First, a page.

Diseases caused by water-bourn parasites also have disproportionately negative effects on women’s health.  The current world situation is sobering: 884 million people live without access to clean drinking water, and 3.575 million people die each year from water-related diseases (7).  Unfortunately, these deaths are preventable if we were to just prioritize giving people access to a safe drinking water source.  According to one study, access to clean water alone can decrease the number of water-related deaths by 21% (8).

In cases in which women collect water from highly-polluted (often urbanized) sources, they have increased likelihood of contracting water-borne diseases, which may increase infertility and infant mortality (9).  Primarily, women bear the costs of these water-borne diseases through having to care for family members (especially children) that become sick.  These women must devote even more of their time to playing nursemaid and also risk contracting the disease themselves through interaction with the sick patient and his/her bodily fluids.  In addition, I hypothesize that because women often suffer from worse nutrition than men in developing countries (due to a culture of women taking less food and giving more to their husbands or children), women are more likely to contract these water-borne illnesses, suffer worse symptoms, and potentially die.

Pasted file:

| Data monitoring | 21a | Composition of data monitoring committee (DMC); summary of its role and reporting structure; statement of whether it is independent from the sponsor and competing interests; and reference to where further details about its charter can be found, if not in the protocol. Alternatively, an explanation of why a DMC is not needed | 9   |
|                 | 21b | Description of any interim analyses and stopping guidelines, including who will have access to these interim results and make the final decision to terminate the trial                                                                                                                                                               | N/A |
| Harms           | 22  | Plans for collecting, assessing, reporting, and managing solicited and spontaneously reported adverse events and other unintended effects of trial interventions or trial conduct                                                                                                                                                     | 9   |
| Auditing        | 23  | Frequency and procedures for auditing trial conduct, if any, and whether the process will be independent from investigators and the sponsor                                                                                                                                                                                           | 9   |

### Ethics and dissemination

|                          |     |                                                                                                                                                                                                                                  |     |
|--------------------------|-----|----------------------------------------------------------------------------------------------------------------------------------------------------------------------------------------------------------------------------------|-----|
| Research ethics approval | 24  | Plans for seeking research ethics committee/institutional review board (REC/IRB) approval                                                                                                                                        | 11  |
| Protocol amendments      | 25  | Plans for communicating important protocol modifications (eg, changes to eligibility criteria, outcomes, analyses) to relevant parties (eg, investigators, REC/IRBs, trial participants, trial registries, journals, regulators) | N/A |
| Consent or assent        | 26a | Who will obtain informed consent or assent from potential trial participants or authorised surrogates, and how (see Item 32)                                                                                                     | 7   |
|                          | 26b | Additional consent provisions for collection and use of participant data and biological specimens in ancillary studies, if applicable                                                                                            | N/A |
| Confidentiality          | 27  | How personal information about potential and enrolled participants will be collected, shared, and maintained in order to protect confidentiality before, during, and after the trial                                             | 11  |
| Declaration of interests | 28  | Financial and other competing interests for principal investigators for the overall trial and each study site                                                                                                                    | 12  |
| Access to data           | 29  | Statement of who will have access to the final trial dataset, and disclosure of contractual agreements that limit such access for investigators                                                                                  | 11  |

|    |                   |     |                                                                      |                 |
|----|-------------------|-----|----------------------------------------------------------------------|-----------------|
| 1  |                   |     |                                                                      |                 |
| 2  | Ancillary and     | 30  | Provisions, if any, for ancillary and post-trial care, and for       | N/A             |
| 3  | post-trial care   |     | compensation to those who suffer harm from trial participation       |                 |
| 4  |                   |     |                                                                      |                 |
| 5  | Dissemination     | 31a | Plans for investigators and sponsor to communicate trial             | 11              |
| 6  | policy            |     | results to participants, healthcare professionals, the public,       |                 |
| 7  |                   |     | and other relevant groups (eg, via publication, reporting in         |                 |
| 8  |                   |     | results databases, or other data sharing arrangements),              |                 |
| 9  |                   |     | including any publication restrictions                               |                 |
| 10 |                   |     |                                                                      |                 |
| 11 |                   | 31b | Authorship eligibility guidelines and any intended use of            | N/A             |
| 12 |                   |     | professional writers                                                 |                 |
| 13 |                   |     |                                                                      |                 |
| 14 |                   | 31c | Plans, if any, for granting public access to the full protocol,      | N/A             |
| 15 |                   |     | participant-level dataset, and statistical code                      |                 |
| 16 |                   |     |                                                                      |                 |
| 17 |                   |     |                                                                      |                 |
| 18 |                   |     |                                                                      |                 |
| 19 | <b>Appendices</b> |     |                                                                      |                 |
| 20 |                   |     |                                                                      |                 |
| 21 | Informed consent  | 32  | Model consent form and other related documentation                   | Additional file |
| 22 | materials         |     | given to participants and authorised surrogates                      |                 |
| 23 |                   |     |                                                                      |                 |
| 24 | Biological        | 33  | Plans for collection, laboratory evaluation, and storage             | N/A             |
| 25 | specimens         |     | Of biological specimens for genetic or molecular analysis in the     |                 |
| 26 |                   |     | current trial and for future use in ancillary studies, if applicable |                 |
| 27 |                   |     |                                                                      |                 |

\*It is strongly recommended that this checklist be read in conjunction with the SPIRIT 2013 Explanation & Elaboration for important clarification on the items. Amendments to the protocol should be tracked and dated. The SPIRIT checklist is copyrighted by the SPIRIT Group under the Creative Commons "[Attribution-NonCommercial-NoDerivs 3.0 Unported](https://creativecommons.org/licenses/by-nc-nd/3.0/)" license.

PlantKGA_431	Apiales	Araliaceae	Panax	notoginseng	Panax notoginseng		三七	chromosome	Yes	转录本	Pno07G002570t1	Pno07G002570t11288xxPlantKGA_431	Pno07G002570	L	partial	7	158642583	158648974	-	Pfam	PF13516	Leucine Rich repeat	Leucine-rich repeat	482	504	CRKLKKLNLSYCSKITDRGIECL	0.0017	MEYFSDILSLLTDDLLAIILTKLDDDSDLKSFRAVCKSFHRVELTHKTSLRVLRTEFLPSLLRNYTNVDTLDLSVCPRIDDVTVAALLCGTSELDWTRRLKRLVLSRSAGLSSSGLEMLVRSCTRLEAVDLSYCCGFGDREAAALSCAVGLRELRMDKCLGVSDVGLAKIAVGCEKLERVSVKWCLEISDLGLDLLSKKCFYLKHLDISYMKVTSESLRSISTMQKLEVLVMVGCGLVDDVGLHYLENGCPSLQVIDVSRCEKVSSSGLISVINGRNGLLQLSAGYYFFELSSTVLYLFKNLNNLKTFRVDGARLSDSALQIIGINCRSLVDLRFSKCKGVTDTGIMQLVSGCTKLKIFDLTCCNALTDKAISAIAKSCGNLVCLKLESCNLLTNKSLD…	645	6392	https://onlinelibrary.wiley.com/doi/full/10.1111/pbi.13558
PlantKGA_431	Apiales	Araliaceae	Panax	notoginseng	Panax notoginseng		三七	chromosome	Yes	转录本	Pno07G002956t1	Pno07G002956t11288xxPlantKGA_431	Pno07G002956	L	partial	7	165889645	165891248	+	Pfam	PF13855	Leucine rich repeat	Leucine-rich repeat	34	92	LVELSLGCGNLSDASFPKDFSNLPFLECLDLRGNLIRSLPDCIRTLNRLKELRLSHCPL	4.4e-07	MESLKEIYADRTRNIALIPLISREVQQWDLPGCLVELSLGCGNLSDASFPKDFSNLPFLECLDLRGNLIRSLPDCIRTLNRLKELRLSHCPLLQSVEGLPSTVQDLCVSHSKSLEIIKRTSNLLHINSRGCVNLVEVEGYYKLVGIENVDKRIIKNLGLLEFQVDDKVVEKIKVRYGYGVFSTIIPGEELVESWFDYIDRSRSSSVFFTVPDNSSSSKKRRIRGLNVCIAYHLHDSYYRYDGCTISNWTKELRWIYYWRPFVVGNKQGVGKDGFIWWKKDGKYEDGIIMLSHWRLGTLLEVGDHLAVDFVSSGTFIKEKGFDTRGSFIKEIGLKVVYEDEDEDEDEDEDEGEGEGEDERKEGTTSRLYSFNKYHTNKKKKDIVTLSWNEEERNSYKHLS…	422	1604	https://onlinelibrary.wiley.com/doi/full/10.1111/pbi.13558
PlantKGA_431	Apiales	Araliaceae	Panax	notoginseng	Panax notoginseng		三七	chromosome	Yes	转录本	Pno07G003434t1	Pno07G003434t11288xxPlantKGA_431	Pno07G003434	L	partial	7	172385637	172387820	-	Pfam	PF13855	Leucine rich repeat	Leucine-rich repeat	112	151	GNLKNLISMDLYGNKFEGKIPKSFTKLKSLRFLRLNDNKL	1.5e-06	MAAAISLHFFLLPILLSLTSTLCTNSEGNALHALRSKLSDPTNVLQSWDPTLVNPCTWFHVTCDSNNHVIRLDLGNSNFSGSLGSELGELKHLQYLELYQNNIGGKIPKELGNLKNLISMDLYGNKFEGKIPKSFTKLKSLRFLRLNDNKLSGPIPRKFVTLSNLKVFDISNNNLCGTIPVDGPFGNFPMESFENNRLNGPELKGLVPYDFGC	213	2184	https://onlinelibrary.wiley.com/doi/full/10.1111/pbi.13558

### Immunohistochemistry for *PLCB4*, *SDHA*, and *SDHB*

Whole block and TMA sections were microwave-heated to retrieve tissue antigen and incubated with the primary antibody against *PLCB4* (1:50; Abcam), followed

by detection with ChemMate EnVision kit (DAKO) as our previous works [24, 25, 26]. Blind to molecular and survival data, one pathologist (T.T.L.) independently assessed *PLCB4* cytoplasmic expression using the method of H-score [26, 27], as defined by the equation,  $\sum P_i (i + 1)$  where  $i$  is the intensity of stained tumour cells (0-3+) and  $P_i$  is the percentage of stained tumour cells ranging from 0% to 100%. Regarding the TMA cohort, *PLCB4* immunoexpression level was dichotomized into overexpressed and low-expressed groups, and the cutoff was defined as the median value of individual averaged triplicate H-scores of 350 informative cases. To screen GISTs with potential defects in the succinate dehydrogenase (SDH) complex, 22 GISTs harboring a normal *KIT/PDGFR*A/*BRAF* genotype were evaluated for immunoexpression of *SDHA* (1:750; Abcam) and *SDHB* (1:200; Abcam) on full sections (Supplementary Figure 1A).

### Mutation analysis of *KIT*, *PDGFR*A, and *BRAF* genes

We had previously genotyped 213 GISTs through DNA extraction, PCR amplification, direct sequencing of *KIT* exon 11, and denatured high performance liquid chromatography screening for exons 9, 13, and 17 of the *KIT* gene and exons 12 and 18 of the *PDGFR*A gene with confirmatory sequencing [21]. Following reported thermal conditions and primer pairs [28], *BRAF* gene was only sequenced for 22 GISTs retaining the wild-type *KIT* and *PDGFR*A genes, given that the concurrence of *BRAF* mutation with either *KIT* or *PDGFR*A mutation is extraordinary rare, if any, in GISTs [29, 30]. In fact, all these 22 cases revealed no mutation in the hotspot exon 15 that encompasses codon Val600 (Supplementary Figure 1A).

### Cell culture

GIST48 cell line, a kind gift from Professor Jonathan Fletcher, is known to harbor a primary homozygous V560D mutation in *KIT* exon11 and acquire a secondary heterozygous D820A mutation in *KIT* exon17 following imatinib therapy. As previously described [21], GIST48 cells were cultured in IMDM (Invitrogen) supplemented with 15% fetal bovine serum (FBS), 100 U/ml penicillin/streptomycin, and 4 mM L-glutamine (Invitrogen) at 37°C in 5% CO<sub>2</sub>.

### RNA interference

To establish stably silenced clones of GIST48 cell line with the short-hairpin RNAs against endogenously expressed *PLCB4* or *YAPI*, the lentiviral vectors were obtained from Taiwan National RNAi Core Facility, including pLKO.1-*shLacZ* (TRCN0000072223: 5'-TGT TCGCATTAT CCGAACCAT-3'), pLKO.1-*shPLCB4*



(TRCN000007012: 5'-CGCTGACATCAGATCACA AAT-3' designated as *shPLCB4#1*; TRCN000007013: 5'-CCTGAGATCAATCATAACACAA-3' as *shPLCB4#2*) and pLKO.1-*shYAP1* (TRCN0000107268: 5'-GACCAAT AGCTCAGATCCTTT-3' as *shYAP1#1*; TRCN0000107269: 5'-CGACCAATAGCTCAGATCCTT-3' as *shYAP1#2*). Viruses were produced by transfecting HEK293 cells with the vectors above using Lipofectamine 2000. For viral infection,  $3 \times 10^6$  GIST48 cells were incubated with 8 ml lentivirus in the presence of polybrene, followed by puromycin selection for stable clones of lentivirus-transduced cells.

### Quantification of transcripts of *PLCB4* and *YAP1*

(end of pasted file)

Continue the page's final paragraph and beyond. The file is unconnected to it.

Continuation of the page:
Water scarcity in the developing world sends a ripple effect throughout almost every aspect of women’s lives.  While the large number of negative effects on women’s rights and health can be daunting, it also holds huge potential.  Providing clean sources of water alone can clear up a myriad of problems associated with water scarcity.  In this case, we’re killing dozens of birds with one stone.


Works Cited:

1) http://www.worldvision.com.au/issues/WaterSanitationHygiene/Where_is_it_happening_/AccessCleanWater.aspx

2a) http://www.worldvision.com.au/issues/WaterSanitationHygiene/Where_is_it_happening_/AccessCleanWater.aspx

2b) http://www.ourbodiesourselves.org/book/companion.asp?id=31&compID=105&page=2

3) http://www.globalgrassroots.org/blog/tag/water/

4) https://www.wateraid.org/uk/what_we_do/the_need/206.asp

5) https://www.wateraid.org/uk/what_we_do/the_need/206.asp

6) https://www.wateraid.org/uk/what_we_do/the_need/206.asp

7) http://water.org/learn-about-the-water-crisis/women/
8) https://www.charitywater.org/whywater/

9) http://www.sierraclub.org/population/downloads/breaking-cycle-women-water.pdf



  1. laurah21 says: